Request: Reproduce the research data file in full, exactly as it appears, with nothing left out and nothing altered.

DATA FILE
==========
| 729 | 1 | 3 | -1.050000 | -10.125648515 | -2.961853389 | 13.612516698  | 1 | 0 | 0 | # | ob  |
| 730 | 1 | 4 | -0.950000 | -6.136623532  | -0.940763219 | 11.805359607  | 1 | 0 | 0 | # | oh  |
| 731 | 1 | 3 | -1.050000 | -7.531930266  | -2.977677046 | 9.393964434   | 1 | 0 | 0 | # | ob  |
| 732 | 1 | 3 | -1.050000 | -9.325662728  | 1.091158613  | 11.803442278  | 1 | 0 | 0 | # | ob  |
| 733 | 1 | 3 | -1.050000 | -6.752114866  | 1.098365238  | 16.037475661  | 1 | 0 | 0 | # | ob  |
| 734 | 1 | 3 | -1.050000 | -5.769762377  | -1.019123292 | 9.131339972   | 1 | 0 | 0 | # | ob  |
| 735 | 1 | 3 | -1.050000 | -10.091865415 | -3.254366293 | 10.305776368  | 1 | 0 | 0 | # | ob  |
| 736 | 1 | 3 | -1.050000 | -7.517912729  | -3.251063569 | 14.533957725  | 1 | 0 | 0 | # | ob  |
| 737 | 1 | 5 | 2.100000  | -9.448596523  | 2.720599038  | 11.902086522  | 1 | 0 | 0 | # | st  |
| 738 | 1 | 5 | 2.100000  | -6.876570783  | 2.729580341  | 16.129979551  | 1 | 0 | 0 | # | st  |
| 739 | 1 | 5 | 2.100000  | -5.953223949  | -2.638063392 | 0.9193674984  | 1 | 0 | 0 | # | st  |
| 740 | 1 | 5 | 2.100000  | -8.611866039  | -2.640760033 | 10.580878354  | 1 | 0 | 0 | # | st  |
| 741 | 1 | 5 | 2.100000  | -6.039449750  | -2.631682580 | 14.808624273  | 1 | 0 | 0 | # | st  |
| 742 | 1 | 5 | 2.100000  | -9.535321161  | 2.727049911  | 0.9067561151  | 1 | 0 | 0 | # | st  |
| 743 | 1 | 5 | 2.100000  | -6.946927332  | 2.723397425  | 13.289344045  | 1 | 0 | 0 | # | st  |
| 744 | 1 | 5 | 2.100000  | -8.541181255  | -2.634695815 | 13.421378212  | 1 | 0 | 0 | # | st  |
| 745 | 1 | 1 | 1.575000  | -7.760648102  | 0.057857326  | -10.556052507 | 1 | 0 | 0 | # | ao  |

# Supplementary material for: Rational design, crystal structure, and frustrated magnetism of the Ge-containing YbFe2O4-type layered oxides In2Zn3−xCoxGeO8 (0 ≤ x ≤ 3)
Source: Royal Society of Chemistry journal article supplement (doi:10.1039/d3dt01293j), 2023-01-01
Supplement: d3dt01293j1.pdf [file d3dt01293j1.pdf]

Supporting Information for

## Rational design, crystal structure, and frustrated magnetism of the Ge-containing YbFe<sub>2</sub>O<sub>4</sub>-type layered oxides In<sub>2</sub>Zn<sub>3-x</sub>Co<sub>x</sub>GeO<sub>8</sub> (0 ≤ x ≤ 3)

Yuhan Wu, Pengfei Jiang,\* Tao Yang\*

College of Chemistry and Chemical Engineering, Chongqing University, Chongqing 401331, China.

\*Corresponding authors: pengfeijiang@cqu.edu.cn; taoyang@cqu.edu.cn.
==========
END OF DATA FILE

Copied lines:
| 729 | 1 | 3 | -1.050000 | -10.125648515 | -2.961853389 | 13.612516698  | 1 | 0 | 0 | # | ob  |
| 730 | 1 | 4 | -0.950000 | -6.136623532  | -0.940763219 | 11.805359607  | 1 | 0 | 0 | # | oh  |
| 731 | 1 | 3 | -1.050000 | -7.531930266  | -2.977677046 | 9.393964434   | 1 | 0 | 0 | # | ob  |
| 732 | 1 | 3 | -1.050000 | -9.325662728  | 1.091158613  | 11.803442278  | 1 | 0 | 0 | # | ob  |
| 733 | 1 | 3 | -1.050000 | -6.752114866  | 1.098365238  | 16.037475661  | 1 | 0 | 0 | # | ob  |
| 734 | 1 | 3 | -1.050000 | -5.769762377  | -1.019123292 | 9.131339972   | 1 | 0 | 0 | # | ob  |
| 735 | 1 | 3 | -1.050000 | -10.091865415 | -3.254366293 | 10.305776368  | 1 | 0 | 0 | # | ob  |
| 736 | 1 | 3 | -1.050000 | -7.517912729  | -3.251063569 | 14.533957725  | 1 | 0 | 0 | # | ob  |
| 737 | 1 | 5 | 2.100000  | -9.448596523  | 2.720599038  | 11.902086522  | 1 | 0 | 0 | # | st  |
| 738 | 1 | 5 | 2.100000  | -6.876570783  | 2.729580341  | 16.129979551  | 1 | 0 | 0 | # | st  |
| 739 | 1 | 5 | 2.100000  | -5.953223949  | -2.638063392 | 0.9193674984  | 1 | 0 | 0 | # | st  |
| 740 | 1 | 5 | 2.100000  | -8.611866039  | -2.640760033 | 10.580878354  | 1 | 0 | 0 | # | st  |
| 741 | 1 | 5 | 2.100000  | -6.039449750  | -2.631682580 | 14.808624273  | 1 | 0 | 0 | # | st  |
| 742 | 1 | 5 | 2.100000  | -9.535321161  | 2.727049911  | 0.9067561151  | 1 | 0 | 0 | # | st  |
| 743 | 1 | 5 | 2.100000  | -6.946927332  | 2.723397425  | 13.289344045  | 1 | 0 | 0 | # | st  |
| 744 | 1 | 5 | 2.100000  | -8.541181255  | -2.634695815 | 13.421378212  | 1 | 0 | 0 | # | st  |
| 745 | 1 | 1 | 1.575000  | -7.760648102  | 0.057857326  | -10.556052507 | 1 | 0 | 0 | # | ao  |

# Supplementary material for: Rational design, crystal structure, and frustrated magnetism of the Ge-containing YbFe2O4-type layered oxides In2Zn3−xCoxGeO8 (0 ≤ x ≤ 3)
Source: Royal Society of Chemistry journal article supplement (doi:10.1039/d3dt01293j), 2023-01-01
Supplement: d3dt01293j1.pdf [file d3dt01293j1.pdf]

Supporting Information for

## Rational design, crystal structure, and frustrated magnetism of the Ge-containing YbFe<sub>2</sub>O<sub>4</sub>-type layered oxides In<sub>2</sub>Zn<sub>3-x</sub>Co<sub>x</sub>GeO<sub>8</sub> (0 ≤ x ≤ 3)

Yuhan Wu, Pengfei Jiang,\* Tao Yang\*

College of Chemistry and Chemical Engineering, Chongqing University, Chongqing 401331, China.

\*Corresponding authors: pengfeijiang@cqu.edu.cn; taoyang@cqu.edu.cn.